Looking for Something?
Posts Tagged for

blogging goals

In Defense of Stat Tracking


I have a confession: I check my stats every day. In fact, sometimes, I check my state multiple times a day. I track my ebook sales, my traffic, my mailing list subscribers, my RSS subscribers, and my affiliate sales. I track how many people come to my site via search engines and how many subscribers click on links in my emails. I track which subscription methods work better. I track whether I get more clicks when I tweet something in the morning versus at night. I love stats and I track them almost to obsessive lengths sometimes.

Yet, so many bloggers advocate focusing on content and forgetting about stats, which I can understand, at least to some extent. I know bloggers who say that they rarely look at stats, checking their numbers a few times a month, if that. I can’t even imagine. But it can be problematic if you spend all your time tracking stats and less time writing great content. As a new blogger, it’s also easy to get discouraged if your stats are pathetic at first, even if the logical side of you knows that everyone starts at zero. So it makes sense that some people advocate ignoring stats.

Today, though, I’d like to make the case for stats tracking. I think that someone needs to defend the practice – and I’d like to explain, at least from my perspective, why it’s worthwhile.

And what I’m going to say might surprise you, because this has nothing to do with all of the practical reasons you should track your stats.

A few weeks ago, David Risley wrote a post called “What The Blog Statistics You Track Say About You…” I thought that he made a lot of really good points in this post – if you’re blogging for bucks, there are certain stats that make sense to track while others don’t matter.

Or do they?

First, let me address some of the excellent advice David gives readers in his post. It makes sense that you’d track stats directly related to your income. It’s responsible, as a business owner, to know what’s working and what is not. As you create goals, you can more easily take actionable steps, and that can translate into dollars in your pocket. Who doesn’t love that?

But sometimes, I think we take a too cynical approach to stats. Cynical is perhaps too harsh of a word. Practical. We take a too practical approach to stats.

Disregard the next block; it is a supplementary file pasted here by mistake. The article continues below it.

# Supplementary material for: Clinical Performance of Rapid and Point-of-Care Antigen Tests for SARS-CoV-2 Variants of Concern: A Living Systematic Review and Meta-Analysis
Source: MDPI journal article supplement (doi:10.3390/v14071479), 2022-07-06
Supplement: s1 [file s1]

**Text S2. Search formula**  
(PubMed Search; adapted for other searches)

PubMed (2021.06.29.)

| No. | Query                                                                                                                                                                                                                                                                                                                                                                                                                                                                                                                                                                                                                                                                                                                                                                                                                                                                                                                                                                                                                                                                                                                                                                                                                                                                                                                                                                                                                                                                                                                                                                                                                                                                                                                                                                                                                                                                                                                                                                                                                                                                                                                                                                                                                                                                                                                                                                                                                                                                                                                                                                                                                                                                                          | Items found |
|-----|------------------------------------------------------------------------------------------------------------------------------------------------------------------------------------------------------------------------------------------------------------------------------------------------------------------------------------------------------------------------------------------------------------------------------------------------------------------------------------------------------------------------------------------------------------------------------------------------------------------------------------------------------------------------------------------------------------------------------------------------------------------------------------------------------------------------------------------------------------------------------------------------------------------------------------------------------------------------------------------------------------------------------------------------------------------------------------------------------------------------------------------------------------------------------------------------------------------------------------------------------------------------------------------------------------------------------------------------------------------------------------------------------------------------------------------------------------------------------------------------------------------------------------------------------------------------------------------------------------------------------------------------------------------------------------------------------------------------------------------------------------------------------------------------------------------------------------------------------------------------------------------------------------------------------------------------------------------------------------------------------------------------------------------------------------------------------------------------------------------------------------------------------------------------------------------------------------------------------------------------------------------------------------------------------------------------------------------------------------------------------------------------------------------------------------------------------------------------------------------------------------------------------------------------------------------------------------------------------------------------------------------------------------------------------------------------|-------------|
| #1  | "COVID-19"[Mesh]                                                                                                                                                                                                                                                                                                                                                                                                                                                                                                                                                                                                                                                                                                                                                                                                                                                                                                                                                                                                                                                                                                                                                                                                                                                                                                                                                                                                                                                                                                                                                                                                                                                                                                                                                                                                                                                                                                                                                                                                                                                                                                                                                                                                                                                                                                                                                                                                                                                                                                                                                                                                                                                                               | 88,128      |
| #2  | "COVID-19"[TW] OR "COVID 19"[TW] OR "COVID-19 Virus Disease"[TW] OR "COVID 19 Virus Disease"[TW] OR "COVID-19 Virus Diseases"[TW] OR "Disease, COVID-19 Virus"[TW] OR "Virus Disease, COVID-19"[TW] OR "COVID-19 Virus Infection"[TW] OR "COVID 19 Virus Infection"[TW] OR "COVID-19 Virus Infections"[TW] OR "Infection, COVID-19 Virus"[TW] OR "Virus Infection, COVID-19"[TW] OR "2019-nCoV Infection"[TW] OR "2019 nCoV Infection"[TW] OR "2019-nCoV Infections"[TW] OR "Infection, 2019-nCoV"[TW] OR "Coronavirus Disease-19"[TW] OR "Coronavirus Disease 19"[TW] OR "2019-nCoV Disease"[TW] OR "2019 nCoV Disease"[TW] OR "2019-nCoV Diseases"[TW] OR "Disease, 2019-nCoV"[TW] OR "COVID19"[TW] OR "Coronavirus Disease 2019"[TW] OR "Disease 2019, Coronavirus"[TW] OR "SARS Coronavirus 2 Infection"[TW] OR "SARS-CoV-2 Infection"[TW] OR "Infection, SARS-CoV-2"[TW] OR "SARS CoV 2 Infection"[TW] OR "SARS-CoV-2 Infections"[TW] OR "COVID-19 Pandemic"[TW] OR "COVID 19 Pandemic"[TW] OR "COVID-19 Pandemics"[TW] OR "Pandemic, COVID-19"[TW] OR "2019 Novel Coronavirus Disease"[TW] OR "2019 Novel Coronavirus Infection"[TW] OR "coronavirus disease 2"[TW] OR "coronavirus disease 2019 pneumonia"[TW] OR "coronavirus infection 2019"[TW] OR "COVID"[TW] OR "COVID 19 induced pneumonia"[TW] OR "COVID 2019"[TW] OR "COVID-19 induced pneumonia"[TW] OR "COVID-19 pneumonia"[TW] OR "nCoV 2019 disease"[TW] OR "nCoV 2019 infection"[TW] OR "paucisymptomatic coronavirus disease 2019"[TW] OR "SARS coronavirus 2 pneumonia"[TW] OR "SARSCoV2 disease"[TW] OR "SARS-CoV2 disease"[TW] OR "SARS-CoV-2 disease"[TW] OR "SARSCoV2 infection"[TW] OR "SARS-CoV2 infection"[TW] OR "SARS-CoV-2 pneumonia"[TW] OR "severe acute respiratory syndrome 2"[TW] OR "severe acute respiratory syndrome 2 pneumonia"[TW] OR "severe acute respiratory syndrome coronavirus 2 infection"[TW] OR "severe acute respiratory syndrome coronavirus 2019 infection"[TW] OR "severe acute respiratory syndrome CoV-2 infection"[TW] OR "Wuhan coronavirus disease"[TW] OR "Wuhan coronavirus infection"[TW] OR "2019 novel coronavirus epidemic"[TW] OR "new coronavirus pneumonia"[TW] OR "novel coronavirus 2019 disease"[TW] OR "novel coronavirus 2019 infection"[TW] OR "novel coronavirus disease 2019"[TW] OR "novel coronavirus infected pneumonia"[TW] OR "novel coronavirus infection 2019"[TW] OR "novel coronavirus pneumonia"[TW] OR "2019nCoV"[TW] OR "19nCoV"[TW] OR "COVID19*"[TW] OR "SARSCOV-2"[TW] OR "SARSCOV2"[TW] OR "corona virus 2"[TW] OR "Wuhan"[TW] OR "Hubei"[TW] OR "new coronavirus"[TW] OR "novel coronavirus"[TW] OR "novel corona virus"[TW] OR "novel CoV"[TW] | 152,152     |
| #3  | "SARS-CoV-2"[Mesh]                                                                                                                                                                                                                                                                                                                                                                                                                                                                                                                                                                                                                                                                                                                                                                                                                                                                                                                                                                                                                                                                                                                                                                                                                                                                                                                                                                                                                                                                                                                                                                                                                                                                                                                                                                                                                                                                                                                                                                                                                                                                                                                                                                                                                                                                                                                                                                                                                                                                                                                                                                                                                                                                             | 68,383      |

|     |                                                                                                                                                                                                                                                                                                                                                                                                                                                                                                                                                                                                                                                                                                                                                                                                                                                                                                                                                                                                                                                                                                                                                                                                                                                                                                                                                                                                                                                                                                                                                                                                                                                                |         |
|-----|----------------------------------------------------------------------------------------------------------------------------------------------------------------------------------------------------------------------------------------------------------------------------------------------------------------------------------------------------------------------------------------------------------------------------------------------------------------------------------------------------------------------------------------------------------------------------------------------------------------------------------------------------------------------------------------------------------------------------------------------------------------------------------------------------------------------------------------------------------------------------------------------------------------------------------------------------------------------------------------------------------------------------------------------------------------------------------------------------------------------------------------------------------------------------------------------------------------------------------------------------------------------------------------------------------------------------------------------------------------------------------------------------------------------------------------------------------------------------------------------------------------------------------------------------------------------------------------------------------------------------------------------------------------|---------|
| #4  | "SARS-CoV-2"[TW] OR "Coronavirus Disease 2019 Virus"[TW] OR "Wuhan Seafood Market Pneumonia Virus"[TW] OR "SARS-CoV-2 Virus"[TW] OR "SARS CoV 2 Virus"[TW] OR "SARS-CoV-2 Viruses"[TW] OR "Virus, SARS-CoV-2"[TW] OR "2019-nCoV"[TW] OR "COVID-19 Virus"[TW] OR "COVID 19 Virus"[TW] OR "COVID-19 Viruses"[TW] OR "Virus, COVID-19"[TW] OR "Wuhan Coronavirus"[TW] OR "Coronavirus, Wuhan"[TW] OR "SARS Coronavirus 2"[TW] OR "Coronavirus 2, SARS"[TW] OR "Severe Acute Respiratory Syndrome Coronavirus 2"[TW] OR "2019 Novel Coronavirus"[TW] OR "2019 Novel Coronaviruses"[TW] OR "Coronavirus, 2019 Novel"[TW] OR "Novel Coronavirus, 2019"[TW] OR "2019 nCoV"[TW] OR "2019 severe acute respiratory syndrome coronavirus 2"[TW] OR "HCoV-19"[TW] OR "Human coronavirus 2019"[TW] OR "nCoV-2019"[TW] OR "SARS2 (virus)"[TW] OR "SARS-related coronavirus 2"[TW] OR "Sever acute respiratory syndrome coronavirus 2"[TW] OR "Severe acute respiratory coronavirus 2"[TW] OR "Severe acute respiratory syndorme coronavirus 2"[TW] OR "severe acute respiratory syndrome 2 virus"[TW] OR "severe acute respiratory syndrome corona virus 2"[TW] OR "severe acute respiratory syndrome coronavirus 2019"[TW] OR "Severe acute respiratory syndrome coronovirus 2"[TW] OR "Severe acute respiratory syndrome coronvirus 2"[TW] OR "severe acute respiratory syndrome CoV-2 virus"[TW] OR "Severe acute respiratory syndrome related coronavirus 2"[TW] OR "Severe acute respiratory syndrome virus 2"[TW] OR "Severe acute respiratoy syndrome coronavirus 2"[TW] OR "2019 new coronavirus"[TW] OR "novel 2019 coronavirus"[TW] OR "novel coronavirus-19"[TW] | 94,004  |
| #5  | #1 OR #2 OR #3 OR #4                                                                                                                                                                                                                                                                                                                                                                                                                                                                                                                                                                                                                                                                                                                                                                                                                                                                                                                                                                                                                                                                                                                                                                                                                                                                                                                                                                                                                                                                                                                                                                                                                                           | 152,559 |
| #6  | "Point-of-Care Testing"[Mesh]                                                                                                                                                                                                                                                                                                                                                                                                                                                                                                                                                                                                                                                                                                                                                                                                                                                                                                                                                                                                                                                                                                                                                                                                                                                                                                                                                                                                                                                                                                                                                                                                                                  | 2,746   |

Or, at least, we only take a practical approach to stats.

Think about why you got into blogging in the first place, though. Blogging is about soul as much as it is about business. Talk to any a-list blogger out there and they’ll tell you that the reason they do what they do is because they love blogging. The money is just a side benefit. Most bloggers blogged long before they ever made a cent, and most bloggers would keep blogging, at least as time allows, if it wasn’t possible to make money online. If you are blogging only for the money, you’re doing it wrong…because frankly, there are about seven thousand easier jobs you could do and feel equally “meh” about to make money. It’s not like this is an easy career path. Blogging is a job, but it is a job we love.

It’s easy to lose site of that sometimes.

So today, my defense of stat tracking is this: track your stats so you can remember why you do this.

Even the impractical stats, the ones that David mentions as being unimportant to your business, are important to your soul as a blogger. If you get 500 retweets on your post, that might not translate to a single ebook sale…but woah. That means you wrote something that affected FIVE HUNDRED PEOPLE enough that they felt the need to go share it. That’s pretty damn cool. Your RSS subscriptions might not mean anything in terms of sales, but if you have 10,000 subscribers, that’s TEN THOUSAND people who are so interested in what you have to say that they don’t want to miss a single word. That’s pretty damn cool too.

It’s especially important as a new blogger. Your numbers might be smaller, but where were you yesterday? Yesterday, your spouse may have patiently listened to you rant about something important to you, but today, fifty people visited your site and read the post you made about the topic. Those are fifty lives you have potentially changed. Blogging is such a unique avenue to affect people from around the world. Money is nice, but to me, that is much better.